When it comes to showing flesh, advertisers are corseted by regulations, said Mr. Campbell of Rainey Kelly, explaining, "We are a repressed nation." Although Continental Europe has moved to clamp down on indecent and offensive advertising, especially spots that portray women in overly submissive postures, nudity is still much more accepted on the Continent, Mr. Campbell said. Not so in Britain.

J. Walter Thompson, also part of WPP, learned that lesson when a print ad it created for Smirnoff, featuring a naked man sliding down a banister with the tagline "If Smirnoff made pain killers" was banned by the Advertising Standards Authority.

Sometimes a campaign seems harmless, but holds the potential of producing unwanted side effects, as was the case with the Tango advertisement, created by Howell Henry Chaldecott Lury, part of Chime Communications, which featured a fat, Buddha-like orange man slapping people around the ears. The Independent Television Commission received a flood of complaints that children were mimicking the ad by slapping each other around the ears. Tango withdrew the ad.

Likewise, a television commercial created by the Publicis unit of the Publicis Group for Hewlett-Packard that featured children throwing snowballs at a passing train was deemed dangerous by the commission, as it condoned antisocial behavior. This despite a green light from the Broadcast Advertising Clearance Center, the agency created to vet potential problem ads before they are shown. The spot was withdrawn.

Often competitors, not consumers, are the ones to lodge complaints, with the intention of muzzling the competition. That has frequently been the case among the British supermarket chains Tesco, Safeway and Sainsbury, which challenge each others price claims. The Advertising Standards Authority estimates that 10 percent of its complaints are from competitors.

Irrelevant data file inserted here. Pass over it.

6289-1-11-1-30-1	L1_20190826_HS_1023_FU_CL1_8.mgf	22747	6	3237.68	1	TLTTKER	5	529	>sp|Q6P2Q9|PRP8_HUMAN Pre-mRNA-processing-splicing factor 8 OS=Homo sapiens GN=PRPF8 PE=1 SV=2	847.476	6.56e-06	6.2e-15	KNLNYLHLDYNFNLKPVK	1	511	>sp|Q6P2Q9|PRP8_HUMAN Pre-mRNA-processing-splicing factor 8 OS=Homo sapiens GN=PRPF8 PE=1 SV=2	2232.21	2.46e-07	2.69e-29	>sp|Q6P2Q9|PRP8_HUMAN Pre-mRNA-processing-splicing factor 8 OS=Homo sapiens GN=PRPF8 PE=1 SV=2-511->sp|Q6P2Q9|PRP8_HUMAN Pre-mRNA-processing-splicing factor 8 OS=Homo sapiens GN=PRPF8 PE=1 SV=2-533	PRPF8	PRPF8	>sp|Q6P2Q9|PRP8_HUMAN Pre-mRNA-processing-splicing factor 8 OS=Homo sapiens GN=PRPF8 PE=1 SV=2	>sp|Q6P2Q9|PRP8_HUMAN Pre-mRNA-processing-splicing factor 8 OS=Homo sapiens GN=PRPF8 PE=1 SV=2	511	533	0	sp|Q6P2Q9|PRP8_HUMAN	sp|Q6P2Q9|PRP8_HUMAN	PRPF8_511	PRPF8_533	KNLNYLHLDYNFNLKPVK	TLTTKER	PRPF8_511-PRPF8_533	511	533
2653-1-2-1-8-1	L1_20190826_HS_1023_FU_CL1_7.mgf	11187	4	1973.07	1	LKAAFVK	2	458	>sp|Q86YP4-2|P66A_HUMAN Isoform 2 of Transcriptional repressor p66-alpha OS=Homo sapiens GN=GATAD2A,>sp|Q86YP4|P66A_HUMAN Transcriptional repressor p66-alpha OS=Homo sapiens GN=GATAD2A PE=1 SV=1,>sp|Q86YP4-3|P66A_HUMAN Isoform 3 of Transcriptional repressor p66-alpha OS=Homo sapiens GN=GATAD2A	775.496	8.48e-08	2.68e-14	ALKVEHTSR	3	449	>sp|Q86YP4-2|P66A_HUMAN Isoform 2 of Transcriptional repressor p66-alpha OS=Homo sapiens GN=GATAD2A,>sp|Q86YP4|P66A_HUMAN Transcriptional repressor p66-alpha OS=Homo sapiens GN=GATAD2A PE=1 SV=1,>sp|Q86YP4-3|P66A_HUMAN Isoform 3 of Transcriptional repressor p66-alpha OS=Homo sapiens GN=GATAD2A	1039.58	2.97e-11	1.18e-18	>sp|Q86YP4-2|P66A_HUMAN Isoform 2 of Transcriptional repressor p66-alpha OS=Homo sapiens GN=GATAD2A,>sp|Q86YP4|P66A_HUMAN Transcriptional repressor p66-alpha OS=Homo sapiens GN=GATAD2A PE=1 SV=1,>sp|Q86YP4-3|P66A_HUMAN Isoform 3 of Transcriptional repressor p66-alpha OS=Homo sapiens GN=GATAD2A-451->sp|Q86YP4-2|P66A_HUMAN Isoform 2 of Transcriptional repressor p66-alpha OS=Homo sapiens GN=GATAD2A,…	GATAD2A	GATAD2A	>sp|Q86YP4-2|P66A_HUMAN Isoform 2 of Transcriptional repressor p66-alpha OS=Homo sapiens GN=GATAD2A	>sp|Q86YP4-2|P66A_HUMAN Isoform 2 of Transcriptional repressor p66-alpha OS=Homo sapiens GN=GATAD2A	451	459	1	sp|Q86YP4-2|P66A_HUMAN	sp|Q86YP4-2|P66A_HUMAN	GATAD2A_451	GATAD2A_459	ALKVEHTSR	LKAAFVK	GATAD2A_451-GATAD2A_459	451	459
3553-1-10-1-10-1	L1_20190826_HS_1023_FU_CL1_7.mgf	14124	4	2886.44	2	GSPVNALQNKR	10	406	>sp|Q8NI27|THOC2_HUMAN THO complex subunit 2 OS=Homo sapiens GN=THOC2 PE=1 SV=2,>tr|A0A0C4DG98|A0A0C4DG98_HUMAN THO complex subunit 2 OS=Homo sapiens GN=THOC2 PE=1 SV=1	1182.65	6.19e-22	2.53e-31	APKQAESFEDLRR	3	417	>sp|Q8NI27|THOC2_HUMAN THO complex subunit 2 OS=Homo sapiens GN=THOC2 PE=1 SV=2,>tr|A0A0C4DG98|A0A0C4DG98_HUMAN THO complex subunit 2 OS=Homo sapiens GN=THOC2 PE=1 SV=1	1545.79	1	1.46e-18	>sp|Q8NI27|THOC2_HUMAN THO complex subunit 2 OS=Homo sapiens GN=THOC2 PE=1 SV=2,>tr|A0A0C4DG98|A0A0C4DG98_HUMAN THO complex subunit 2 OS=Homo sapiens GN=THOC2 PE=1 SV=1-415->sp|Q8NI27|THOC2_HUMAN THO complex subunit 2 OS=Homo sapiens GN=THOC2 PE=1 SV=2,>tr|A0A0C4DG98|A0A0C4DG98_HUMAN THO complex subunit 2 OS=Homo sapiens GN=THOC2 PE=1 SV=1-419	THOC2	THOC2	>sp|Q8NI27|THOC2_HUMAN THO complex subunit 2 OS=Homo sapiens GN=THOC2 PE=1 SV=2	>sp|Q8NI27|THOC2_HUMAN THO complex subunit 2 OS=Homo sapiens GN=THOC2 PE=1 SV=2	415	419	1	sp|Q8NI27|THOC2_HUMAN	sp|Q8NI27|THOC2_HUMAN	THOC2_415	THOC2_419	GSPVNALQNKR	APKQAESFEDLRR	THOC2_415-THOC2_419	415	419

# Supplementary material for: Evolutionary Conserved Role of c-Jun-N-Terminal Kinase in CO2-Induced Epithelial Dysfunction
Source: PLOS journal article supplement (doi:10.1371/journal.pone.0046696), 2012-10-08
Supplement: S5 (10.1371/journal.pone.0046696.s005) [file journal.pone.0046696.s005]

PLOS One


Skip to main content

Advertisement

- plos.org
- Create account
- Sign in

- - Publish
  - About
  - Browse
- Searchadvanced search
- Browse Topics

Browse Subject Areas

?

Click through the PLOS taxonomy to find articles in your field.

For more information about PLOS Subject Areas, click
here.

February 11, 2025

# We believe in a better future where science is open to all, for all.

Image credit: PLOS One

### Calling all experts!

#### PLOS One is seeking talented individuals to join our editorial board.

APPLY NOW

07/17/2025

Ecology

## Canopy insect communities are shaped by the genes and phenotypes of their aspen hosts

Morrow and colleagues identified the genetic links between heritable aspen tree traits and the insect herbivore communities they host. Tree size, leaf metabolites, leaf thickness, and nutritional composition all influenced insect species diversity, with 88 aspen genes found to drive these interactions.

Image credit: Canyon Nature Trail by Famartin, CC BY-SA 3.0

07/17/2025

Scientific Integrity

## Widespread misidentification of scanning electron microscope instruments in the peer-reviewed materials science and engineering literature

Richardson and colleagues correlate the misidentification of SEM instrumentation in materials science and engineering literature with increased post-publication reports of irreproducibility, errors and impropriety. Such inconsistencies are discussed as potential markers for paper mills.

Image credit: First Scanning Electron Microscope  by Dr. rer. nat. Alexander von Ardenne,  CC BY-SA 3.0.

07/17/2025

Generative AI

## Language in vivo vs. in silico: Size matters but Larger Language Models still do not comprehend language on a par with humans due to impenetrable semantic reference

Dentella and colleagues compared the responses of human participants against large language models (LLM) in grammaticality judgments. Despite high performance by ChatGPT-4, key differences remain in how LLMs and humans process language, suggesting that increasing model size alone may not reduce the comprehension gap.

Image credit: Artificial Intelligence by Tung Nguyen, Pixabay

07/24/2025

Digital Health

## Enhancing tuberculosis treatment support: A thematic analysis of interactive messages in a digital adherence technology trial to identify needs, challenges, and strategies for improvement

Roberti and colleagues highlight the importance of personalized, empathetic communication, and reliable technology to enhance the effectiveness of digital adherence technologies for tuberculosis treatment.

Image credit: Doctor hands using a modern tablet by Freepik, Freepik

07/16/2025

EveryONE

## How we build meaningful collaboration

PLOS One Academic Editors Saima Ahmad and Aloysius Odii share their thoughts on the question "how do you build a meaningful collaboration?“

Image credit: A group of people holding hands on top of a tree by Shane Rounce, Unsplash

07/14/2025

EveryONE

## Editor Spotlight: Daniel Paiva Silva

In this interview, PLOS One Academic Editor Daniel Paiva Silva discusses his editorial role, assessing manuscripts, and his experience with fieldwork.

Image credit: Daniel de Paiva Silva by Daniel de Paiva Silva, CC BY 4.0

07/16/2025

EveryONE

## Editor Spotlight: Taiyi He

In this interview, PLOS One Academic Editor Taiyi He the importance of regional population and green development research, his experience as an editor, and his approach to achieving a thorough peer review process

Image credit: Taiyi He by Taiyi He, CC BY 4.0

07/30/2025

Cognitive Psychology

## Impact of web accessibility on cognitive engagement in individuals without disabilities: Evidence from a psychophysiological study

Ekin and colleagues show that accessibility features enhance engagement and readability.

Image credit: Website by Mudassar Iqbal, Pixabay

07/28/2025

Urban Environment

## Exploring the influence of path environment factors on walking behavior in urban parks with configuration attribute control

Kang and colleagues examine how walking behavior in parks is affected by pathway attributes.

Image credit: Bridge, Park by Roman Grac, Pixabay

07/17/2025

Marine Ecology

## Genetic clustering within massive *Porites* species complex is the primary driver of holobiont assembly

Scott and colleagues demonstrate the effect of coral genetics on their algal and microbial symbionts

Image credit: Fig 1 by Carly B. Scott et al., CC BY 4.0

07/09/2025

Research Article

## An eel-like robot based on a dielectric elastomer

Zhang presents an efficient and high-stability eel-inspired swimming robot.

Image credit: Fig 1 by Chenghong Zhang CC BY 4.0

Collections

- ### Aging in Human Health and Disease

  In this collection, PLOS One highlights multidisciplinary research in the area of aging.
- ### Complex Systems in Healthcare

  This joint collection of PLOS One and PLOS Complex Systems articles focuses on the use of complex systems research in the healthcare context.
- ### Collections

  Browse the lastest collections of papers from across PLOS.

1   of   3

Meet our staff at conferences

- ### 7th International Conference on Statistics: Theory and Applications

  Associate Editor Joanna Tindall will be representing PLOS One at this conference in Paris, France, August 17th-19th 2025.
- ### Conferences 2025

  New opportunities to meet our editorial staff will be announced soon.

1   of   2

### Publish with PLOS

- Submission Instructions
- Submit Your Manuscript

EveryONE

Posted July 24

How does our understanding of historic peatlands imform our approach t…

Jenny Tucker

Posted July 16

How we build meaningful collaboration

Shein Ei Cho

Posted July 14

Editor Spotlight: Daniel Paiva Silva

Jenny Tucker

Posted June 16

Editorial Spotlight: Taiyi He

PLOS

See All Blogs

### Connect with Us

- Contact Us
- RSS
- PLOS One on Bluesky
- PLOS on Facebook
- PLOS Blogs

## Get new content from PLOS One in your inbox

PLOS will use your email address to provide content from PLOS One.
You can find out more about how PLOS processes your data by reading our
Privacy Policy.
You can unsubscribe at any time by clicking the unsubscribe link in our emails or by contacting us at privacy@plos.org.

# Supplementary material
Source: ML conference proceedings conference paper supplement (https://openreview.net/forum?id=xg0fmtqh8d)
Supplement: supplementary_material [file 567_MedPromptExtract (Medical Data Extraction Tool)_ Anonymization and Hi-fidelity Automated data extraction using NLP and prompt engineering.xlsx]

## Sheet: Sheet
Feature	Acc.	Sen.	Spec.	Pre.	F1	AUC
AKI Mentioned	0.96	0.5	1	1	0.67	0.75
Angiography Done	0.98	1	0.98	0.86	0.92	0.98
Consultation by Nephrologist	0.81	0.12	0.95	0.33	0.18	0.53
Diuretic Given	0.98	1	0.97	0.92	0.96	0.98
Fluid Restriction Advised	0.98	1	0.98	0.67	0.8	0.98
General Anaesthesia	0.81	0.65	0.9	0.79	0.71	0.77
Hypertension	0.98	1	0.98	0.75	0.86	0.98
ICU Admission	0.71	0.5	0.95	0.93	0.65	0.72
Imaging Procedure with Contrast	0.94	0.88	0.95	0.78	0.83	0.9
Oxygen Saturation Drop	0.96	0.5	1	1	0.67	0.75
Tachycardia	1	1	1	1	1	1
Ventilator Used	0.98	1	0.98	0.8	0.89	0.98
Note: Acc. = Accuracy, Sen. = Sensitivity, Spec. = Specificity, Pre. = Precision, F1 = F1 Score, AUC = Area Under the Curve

Perhaps most frustrating, industry executives say, are the conflicting signals they receive. For instance, the standards authority recently allowed an openly sexy campaign for Lever Faberge, a unit of Unilever, showing women's faces with taglines like "Play with me" and "Have fun with me." Yet, the broadcast clearance center prohibited a television commercial for French Connection featuring a couple having a conversation in which every word began with the initials of the company, as well as two other letters of a certain four-letter word.

French Connections agency TBWA/London, part of the TBWA Worldwide division of the Omnicom Group, refused to modify the commercial. Instead, the company ran print ads featuring the word "sorry" and directed consumers to check out the commercial on its Web site.

Sometimes the stir caused by a banned campaign is worth the publicity, said Mr. Campbell of Rainey Kelly. He created an ad several years ago for the Royal Society for the Prevention of Cruelty to Animals protesting the live transport of animals. It pictured a skinned pony hanging from a butcher's hook. Even though he had to pull the ad, the amount of publicity it generated was priceless. "It was a fabulous scandal," Mr. Campbell said.

 

Suzanne Kapner, The New York Times. January 4, 2002

Copyright © 2002 The New York Times Company. All rights reserved.